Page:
|A Programmer's Guide To Go Part 3 - Goroutines & Concurrency|
|Written by Mike James|
|Thursday, 13 February 2020|
Page 3 of 4
So far the facilities for concurrent programming look a little ad-hoc if easy to use. The whole thing suddenly starts to make sense when you learn about channels. A channel is a simple data structure - something like a typed array or buffer - that can be shared safely between goroutines.
To declare a channel you use something like:
where type is the type of data stored int he channel and size is the number of elements. If you don't specify a size you get a single element or unbuffered channel.
To assign a value to a channel you use the <- operator and to retrieve a value you use the -> operator. For example:
This is where things get interesting. As well as allowing values to be passed channels also act as a blocking mechanism that frees a thread to run another goroutine. For a single element channel the rules are:
a routine that performs a channel read blocks until a value is available.
a routine that performs a channel write blocks until the value has been read by another routine
These two rules result in the more or less automatic passing of the thread of execution between goroutines - you don't need to worry about calling Sleep or another blocking operation simply reading and writing to a channel frees the thread to run another goroutine.
To see this in action consider the following main program:
This creates an unbuffered int channel calls a goroutine, passing it the channel and then retrieves a value from the channel. When the main program reached the channel read it blocks because the goroutine is also blocked and there is no value in the channel. The thread is freed up and runs the goroutine which could be something like:
This stores -1 in the channel and blocks so freeing the thread of execution which returns to the the main program. This retrieves the value from the channel and ends along with the goroutine.
You can see that the channel in this case both allows communication between the two routines i.e. the passing of the value -1 and the automatic sharing of the thread of execution. That is when the main program needed a value from the goroutine it blocked which allowed the goroutine to execute until it had the value that the main program needed when it blocked and the main program started. All very neat and notice that you get exactly the same behavior no matter how many threads are allocated or how long the processes take to complete.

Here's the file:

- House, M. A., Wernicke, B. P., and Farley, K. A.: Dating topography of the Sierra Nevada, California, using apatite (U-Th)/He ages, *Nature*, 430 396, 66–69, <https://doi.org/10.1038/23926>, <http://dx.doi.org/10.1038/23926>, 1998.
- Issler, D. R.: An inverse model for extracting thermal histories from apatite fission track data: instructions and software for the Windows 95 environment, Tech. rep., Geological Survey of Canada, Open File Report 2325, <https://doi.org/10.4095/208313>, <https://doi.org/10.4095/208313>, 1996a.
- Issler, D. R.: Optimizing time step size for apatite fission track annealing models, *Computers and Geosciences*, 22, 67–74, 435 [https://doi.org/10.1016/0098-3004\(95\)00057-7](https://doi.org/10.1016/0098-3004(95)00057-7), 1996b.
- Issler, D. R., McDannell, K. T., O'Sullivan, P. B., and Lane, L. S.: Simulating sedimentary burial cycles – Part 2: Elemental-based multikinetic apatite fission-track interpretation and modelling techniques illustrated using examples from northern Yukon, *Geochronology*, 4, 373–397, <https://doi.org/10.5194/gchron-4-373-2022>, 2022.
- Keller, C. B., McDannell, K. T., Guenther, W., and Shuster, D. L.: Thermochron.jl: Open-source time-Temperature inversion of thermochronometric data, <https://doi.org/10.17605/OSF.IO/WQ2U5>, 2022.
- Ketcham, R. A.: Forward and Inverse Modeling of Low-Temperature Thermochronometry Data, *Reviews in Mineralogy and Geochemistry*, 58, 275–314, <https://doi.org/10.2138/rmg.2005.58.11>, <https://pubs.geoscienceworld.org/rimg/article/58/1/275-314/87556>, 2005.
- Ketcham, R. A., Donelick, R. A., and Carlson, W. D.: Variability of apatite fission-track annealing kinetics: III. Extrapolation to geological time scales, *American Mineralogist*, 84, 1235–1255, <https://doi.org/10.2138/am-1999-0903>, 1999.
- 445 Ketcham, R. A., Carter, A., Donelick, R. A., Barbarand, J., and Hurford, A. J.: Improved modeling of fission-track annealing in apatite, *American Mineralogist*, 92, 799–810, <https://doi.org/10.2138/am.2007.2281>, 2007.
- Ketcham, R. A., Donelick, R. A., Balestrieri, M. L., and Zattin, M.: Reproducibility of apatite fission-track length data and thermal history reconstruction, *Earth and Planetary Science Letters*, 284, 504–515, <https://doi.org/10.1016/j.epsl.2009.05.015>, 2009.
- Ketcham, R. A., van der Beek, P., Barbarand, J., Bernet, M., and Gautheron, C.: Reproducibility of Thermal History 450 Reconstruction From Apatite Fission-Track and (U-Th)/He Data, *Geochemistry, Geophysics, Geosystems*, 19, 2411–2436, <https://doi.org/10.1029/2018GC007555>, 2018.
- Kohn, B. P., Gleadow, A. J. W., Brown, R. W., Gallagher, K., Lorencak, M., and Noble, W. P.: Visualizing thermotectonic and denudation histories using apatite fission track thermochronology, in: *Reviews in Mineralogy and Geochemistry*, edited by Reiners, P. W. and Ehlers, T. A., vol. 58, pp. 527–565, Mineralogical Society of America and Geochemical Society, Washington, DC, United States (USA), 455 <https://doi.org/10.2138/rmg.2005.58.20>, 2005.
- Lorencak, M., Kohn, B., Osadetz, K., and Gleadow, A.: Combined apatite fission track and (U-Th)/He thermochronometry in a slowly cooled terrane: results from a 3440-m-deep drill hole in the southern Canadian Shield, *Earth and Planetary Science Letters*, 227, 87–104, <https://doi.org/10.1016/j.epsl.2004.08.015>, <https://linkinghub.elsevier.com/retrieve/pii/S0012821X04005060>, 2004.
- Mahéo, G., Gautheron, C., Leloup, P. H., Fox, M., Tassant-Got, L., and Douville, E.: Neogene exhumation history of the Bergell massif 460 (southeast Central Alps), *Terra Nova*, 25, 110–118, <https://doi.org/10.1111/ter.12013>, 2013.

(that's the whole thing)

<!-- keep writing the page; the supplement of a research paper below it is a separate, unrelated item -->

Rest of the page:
For a slightly more advanced example consider:
This calls the goroutine count and then blocks waiting for values that it returns until it gets a -1 which it treats as a "terminate" condition. The goroutine is:
Notice that the for loop in the goroutine blocks and is effectively suspended until the main program has finished processing the value and asks for another. This is more subtle than you might think at first because while the goroutine unblocks when the main routine reads the value from the channel it doesn't get the thread back until the main routine asks for another value and blocks. Consider how this would be different if you allocated two threads to run program? The answer is that it wouldn't be different at all and this is a good thing.
The complete program is:
Go's channel based concurrency is subtle but mostly safe and easy to use. The trick is that for a goroutine to run it has to be unblocked and there has to be a thread free to run it.
|Last Updated ( Friday, 14 February 2020 )|